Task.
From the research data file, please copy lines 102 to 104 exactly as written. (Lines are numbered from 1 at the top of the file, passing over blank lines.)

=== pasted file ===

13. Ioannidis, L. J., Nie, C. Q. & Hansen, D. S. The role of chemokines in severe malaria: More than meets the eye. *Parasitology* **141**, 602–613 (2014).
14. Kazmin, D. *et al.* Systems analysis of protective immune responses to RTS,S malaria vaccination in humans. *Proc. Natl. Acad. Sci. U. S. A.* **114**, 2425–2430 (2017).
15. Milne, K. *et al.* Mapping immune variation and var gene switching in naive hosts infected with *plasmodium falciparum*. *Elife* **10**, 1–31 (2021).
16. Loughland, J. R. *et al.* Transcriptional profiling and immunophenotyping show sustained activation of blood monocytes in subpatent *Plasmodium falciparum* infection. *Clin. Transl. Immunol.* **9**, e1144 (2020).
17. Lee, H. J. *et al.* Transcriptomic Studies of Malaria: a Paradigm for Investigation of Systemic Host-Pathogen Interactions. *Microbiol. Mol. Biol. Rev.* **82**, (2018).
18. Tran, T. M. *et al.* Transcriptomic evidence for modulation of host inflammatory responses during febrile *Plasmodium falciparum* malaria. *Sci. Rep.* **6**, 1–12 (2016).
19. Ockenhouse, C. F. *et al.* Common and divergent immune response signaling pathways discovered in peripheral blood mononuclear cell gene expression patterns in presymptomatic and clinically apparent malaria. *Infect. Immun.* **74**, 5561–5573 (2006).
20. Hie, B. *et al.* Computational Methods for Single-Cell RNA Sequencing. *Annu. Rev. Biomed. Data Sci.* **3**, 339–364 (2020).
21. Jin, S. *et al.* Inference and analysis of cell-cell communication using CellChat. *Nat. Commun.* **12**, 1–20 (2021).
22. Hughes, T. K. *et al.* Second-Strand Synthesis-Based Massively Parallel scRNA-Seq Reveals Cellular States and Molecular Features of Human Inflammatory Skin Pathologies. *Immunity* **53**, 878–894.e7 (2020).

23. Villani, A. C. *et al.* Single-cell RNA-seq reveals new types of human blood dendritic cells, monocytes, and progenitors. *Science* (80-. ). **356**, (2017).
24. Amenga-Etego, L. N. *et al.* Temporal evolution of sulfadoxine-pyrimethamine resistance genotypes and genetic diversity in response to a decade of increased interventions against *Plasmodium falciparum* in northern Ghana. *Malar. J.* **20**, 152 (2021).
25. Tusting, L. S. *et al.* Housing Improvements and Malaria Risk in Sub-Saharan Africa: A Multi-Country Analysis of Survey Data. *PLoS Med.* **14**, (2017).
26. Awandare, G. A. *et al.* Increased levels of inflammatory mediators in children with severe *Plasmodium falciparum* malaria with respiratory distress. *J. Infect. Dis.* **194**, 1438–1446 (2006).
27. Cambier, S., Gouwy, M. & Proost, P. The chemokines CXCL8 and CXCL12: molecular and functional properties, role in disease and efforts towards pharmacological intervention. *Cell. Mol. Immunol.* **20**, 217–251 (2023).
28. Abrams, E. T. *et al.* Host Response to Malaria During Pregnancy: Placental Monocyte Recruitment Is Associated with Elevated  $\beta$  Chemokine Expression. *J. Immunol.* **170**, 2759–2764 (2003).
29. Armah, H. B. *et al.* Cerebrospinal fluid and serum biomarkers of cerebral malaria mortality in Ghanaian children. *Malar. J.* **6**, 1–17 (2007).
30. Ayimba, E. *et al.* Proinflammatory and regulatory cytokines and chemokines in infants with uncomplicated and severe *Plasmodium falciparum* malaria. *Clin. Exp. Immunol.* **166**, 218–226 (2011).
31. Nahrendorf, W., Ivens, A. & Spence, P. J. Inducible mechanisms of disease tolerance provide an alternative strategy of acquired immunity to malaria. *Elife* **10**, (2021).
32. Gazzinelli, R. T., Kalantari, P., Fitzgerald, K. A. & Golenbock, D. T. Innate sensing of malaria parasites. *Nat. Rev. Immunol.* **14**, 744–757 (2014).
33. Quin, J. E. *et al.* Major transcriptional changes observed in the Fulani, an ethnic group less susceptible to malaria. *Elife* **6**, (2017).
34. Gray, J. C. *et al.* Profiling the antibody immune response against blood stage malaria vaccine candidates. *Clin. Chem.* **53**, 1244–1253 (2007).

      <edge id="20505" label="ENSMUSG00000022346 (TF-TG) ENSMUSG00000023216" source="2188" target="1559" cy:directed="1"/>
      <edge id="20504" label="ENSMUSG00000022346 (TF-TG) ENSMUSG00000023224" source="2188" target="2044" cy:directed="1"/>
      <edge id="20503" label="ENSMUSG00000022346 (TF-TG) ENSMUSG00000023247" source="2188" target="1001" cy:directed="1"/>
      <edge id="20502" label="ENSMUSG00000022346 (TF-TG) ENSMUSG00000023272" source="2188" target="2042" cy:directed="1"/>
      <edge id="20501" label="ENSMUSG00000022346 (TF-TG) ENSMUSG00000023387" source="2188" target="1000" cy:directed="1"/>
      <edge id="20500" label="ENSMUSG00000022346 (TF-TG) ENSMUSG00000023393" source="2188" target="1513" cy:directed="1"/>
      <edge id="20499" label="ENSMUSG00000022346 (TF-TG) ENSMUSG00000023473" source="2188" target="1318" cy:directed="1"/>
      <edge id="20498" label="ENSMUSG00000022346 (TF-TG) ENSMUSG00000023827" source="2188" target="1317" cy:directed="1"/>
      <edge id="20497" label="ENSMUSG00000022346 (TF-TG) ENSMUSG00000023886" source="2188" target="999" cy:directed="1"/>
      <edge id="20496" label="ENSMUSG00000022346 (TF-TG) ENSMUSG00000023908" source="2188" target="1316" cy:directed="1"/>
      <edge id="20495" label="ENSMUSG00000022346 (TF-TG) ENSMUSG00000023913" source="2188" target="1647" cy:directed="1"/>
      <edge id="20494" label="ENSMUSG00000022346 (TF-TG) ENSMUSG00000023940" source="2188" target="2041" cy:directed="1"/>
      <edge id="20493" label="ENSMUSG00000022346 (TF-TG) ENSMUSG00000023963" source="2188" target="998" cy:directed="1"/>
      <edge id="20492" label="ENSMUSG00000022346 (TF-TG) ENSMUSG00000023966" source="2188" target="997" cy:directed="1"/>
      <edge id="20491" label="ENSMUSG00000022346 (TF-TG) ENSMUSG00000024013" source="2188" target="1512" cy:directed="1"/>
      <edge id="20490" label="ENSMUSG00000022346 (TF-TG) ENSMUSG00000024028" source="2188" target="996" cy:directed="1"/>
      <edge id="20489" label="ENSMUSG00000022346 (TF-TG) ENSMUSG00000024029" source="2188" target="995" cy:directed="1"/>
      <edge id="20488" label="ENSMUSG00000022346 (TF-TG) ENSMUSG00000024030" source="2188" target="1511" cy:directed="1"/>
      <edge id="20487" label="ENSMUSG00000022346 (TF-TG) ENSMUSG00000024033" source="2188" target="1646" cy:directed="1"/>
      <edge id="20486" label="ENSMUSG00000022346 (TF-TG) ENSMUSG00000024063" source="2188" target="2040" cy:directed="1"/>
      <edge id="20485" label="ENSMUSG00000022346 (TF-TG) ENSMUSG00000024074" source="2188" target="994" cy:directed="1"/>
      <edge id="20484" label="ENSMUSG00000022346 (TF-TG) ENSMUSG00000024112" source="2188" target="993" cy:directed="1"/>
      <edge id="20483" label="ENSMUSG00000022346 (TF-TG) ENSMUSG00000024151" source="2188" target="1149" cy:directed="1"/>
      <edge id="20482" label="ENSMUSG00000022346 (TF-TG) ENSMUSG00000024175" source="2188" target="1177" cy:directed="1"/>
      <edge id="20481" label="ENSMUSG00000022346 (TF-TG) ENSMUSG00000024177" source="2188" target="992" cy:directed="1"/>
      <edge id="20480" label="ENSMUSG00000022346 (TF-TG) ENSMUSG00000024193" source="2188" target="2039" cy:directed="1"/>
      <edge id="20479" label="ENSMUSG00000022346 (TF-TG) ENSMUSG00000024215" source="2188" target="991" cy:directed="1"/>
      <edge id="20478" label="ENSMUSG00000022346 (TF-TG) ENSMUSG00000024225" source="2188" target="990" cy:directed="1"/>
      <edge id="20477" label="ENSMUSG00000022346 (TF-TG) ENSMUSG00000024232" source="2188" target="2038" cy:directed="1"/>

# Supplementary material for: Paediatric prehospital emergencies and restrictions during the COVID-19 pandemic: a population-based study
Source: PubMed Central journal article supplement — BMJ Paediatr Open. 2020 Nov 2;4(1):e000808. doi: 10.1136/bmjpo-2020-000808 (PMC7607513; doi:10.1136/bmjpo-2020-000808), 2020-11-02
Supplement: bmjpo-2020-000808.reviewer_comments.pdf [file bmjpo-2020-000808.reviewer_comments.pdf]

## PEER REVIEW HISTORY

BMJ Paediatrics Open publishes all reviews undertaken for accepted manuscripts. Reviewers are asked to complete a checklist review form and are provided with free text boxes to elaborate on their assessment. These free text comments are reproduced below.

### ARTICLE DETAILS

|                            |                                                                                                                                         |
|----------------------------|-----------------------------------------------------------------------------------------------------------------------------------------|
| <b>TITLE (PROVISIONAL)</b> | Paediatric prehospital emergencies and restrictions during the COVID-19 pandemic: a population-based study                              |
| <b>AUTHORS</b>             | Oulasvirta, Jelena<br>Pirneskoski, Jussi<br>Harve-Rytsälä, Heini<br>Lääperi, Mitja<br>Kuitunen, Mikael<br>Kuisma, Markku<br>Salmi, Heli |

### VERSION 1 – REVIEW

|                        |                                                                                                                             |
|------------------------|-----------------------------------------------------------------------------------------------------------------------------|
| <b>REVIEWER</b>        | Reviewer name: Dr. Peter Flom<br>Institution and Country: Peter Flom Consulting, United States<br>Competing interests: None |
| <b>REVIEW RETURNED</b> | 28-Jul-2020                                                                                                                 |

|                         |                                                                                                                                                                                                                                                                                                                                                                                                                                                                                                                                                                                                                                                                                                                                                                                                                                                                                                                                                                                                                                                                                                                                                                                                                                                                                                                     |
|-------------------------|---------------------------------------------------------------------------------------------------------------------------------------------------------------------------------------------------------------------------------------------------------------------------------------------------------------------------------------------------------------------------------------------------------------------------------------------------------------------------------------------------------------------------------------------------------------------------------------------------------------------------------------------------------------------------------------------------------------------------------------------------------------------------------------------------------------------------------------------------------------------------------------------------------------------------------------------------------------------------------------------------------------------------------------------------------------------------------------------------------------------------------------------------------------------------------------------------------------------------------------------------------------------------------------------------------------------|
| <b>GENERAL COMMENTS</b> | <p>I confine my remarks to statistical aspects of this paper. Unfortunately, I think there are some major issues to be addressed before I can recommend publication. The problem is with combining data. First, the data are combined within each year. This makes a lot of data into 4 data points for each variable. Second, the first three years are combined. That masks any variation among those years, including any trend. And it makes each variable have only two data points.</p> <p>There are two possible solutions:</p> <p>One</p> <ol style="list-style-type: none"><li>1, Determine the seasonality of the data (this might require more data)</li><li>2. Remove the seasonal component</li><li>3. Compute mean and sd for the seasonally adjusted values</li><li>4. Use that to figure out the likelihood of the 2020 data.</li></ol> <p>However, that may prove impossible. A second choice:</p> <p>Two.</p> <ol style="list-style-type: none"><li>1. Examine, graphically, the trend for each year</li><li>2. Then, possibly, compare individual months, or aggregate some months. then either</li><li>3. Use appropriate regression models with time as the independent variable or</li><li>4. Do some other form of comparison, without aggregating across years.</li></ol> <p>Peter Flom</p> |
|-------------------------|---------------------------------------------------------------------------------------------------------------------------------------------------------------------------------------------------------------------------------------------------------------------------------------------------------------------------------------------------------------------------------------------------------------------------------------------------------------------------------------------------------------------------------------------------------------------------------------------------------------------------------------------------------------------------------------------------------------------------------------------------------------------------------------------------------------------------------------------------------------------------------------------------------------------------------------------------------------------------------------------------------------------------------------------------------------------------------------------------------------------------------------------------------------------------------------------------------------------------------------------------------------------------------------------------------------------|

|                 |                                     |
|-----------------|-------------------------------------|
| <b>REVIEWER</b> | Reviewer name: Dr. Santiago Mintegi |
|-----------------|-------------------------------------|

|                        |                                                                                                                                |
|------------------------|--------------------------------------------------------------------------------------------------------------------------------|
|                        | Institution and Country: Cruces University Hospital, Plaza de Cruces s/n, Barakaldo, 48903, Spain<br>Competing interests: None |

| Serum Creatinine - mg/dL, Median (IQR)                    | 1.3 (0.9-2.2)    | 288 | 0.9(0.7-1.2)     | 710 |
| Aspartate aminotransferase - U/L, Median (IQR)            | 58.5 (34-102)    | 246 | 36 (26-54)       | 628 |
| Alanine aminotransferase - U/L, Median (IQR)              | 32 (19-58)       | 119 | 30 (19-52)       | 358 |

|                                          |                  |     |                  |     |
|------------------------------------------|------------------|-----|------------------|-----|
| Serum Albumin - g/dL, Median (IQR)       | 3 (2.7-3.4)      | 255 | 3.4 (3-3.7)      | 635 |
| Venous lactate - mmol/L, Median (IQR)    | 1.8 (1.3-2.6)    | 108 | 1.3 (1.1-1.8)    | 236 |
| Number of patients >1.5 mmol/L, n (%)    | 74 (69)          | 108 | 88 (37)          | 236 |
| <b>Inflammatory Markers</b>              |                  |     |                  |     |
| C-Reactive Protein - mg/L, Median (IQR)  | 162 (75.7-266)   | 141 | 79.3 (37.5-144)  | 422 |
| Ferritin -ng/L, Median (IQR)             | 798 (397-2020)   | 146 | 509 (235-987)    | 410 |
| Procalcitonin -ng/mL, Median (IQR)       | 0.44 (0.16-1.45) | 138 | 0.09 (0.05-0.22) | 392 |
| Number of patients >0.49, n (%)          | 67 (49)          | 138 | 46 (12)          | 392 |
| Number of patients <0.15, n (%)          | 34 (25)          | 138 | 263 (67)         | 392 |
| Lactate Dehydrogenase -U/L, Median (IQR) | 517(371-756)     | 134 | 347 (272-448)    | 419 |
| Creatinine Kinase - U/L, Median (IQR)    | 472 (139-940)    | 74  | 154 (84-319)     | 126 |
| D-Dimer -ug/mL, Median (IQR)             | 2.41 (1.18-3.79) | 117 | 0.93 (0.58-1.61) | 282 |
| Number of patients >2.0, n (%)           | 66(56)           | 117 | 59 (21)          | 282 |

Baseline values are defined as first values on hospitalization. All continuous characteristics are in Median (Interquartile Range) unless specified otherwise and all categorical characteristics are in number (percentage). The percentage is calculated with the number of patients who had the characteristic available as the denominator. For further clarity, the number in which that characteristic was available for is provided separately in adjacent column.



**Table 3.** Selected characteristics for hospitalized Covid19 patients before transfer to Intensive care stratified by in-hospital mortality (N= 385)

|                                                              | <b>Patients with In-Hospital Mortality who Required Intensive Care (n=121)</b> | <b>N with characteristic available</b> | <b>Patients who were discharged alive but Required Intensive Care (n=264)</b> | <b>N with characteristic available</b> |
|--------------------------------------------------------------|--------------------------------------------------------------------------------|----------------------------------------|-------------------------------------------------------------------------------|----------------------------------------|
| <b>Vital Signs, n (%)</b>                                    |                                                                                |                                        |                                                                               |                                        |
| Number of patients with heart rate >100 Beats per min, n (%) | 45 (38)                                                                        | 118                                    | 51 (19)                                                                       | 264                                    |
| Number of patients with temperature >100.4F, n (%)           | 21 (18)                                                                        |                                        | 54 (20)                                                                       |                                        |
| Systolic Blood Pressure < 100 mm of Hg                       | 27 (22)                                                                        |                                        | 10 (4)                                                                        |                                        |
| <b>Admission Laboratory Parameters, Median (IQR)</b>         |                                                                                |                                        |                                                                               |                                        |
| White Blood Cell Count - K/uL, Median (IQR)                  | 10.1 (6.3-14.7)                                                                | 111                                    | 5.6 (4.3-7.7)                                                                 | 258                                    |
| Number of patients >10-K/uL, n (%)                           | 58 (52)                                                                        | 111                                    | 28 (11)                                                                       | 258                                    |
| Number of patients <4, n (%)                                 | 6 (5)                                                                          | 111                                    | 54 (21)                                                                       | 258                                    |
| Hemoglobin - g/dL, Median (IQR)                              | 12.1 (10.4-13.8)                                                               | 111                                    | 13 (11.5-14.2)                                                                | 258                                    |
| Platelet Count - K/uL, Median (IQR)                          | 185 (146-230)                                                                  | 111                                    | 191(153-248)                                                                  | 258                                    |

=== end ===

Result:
| Number of patients with temperature >100.4F, n (%)           | 21 (18)                                                                        |                                        | 54 (20)                                                                       |                                        |
| Systolic Blood Pressure < 100 mm of Hg                       | 27 (22)                                                                        |                                        | 10 (4)                                                                        |                                        |
| <b>Admission Laboratory Parameters, Median (IQR)</b>         |                                                                                |                                        |                                                                               |                                        |